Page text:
FORT BLISS -- Since World War II, the Army Emergency Relief program has helped soldiers and their families get through financial hardships.
That will continue no matter what happens with the economy or the budget impasse in Washington, its national director said.
On Wednesday, retired Lt. Gen. Robert F. Foley, national chief of the nonprofit organization, visited Fort Bliss to help kick off the program's annual fundraising campaign.
Foley, a Medal of Honor recipient from the Vietnam War, spoke about the organization, how it helps soldiers and how it funds itself.
Today, Army Emergency Relief provides about $80 million a year in aid to soldiers and their families through interest-free loans and some grants, Foley said.
Maj. Gen. Dana J.H. Pittard, commander of Fort Bliss and the 1st Armored Division, called Foley a "living legend" and one of his heroes when he introduced him at the Centennial Club.
Foley received his Medal of Honor for "conspicuous gallantry and intrepidity in action at the risk of his life above and beyond the call of duty," according to the award citation.
A captain at the time, Foley helped to rally his men in the face of strong enemy fire, helped to evacuate two radio operators who were wounded and led his company's action against the enemy in an hourslong battle near Quan Dau Tieng in South Vietnam in 1966.
He was wounded by a grenade blast but refused medical help and continued to help lead the attack on the enemy position.
He was cited for singlehandedly destroying three enemy gun positions.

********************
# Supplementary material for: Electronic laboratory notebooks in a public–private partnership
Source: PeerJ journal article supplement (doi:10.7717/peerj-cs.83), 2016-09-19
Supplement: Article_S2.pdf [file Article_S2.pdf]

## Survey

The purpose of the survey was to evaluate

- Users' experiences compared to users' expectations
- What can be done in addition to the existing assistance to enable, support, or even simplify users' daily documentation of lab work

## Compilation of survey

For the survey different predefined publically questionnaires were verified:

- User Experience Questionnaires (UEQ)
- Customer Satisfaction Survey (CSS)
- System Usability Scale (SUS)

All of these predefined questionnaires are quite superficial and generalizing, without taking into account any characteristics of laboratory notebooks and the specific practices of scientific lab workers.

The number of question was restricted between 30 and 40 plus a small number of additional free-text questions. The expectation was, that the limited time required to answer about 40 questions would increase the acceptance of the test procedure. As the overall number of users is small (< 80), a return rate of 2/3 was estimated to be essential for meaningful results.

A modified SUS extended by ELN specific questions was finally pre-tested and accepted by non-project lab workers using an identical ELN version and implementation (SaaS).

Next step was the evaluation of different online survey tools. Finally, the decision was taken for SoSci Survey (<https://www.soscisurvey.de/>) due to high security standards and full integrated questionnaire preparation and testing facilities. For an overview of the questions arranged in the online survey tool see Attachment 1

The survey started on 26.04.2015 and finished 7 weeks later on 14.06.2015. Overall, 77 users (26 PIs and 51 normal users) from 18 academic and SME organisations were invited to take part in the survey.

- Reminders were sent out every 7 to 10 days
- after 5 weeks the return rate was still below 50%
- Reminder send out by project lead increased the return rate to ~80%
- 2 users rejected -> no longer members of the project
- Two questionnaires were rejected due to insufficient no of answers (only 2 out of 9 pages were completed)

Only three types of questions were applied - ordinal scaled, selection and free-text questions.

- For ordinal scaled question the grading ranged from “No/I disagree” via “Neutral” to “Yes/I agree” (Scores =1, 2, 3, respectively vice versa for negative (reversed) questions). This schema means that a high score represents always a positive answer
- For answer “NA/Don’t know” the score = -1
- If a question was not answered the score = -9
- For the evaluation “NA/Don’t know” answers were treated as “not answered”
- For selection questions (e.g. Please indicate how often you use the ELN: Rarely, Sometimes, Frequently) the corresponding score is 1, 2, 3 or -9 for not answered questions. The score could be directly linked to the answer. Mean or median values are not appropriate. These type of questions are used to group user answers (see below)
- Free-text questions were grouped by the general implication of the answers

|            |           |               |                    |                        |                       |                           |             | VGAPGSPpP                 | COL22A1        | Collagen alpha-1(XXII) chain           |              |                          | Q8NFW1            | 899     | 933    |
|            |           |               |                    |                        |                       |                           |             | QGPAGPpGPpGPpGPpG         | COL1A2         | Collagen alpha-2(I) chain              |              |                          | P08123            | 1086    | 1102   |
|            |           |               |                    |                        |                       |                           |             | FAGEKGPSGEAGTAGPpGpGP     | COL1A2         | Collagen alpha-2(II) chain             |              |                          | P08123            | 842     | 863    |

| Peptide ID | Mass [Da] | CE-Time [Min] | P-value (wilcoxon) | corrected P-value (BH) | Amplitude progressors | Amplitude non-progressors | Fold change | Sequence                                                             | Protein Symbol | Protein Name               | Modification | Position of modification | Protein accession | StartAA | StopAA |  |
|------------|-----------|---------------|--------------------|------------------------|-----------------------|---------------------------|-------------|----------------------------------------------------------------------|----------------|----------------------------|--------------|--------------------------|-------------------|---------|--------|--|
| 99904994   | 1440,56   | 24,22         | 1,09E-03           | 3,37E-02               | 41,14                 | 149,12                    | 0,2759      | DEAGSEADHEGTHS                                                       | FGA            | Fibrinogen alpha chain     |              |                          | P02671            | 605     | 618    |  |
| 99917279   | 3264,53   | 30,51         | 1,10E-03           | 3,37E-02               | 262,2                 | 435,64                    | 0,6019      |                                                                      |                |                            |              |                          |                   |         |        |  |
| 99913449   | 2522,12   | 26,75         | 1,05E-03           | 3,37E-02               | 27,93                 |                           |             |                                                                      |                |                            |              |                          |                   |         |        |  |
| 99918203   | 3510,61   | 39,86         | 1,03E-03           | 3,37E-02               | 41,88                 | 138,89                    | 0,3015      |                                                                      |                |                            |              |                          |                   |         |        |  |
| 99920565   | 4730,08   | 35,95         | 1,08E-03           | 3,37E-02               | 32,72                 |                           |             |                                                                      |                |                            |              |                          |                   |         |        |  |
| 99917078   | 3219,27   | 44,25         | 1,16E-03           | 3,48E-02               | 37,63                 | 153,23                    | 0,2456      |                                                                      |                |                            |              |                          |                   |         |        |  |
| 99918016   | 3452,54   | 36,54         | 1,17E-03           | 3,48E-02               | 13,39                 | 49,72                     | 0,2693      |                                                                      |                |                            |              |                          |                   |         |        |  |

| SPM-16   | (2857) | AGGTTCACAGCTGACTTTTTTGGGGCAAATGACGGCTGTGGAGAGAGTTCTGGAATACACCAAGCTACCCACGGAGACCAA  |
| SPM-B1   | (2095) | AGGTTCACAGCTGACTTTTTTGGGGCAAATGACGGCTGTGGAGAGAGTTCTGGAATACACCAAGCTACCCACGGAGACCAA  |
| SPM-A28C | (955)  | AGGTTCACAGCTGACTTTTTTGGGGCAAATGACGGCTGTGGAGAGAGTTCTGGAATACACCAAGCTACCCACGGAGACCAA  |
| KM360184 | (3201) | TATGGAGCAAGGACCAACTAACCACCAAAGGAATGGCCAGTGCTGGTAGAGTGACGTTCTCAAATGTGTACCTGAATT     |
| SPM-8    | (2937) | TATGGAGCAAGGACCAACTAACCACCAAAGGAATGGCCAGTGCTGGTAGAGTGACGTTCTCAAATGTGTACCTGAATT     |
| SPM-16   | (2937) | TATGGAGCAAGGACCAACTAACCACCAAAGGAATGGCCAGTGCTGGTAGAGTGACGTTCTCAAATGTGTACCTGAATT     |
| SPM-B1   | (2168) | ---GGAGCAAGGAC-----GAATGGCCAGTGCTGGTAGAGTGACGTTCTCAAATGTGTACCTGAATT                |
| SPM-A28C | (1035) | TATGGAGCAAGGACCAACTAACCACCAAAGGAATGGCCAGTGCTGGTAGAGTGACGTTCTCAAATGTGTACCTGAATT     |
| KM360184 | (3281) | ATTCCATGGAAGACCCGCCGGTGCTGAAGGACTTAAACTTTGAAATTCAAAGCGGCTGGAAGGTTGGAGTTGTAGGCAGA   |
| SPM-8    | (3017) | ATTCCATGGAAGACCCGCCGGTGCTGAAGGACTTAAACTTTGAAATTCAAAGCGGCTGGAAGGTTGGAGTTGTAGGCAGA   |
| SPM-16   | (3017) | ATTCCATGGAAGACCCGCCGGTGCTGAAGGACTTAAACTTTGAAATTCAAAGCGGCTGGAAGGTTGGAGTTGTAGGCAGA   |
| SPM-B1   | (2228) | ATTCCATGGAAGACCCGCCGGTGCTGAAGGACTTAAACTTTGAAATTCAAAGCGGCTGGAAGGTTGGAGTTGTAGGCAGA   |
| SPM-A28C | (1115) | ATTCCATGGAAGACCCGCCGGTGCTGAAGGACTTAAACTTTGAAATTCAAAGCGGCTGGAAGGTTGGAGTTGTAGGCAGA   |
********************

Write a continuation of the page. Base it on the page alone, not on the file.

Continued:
Foley has been the program's national director since 2005 as a "labor of love," Pittard said. Foley, a 1963 graduate of the U.S. Military Academy, served in the Army for 37 years, earning a slew of medals and other honors.
He will visit about 35 Army installations around the country and in Germany during the program's annual fundraising campaign. His goal is to educate Army leaders, soldiers and the public about what the organization does.
The program helps soldiers and families pay for unexpected expenses such as medical bills, car repair bills, or a deposit on an apartment or home when they move for a new assignment.
About 90 percent of the aid it provides is through interest-free loans and 10 percent is through grants, Foley said.
By helping soldiers remove financial distractions, the program allows them to focus on their mission, he said.
"That's one of the primary things we do: We don't want them distracted by medical bills, dental bills or any other bill they are worried about," Foley said.
The organization's staff members are well trained and credentialed and have great latitude in determining who and which circumstances can qualify for help, Foley said.
Army Emergency Relief provides the type of help that can keep soldiers and their families from having to turn to payday lenders, Foley said.
"We're interest-free loans," he said. "We don't charge 30 percent, 100 percent, 300 percent. We want them to come to us as the organization of choice."
Last year, Fort Bliss raised $242,000 for the program during the annual campaign, but the installation's soldiers and families received nearly $4 million back in help, Pittard said.
That's about a 16-to-1 return rate, Pittard noted.
The organization also gets unsolicited donations from corporations, foundations, organizations and the defense industry, Foley said.
It invests money it isn't using for operations, and last year, it received a 12 percent rate of return, Foley said.
"Regardless of what the U.S. economy, the global economy or the Army budget looks like, we will have the resources to meet the demands of soldiers and their families," Foley said.
About 95 percent of its loans are repaid, which is another strong source of revenue and provides a constant cash flow, Foley noted.
"Soldiers want to pay back their loans," he said. "They know when they pay them back, they will be there for someone else."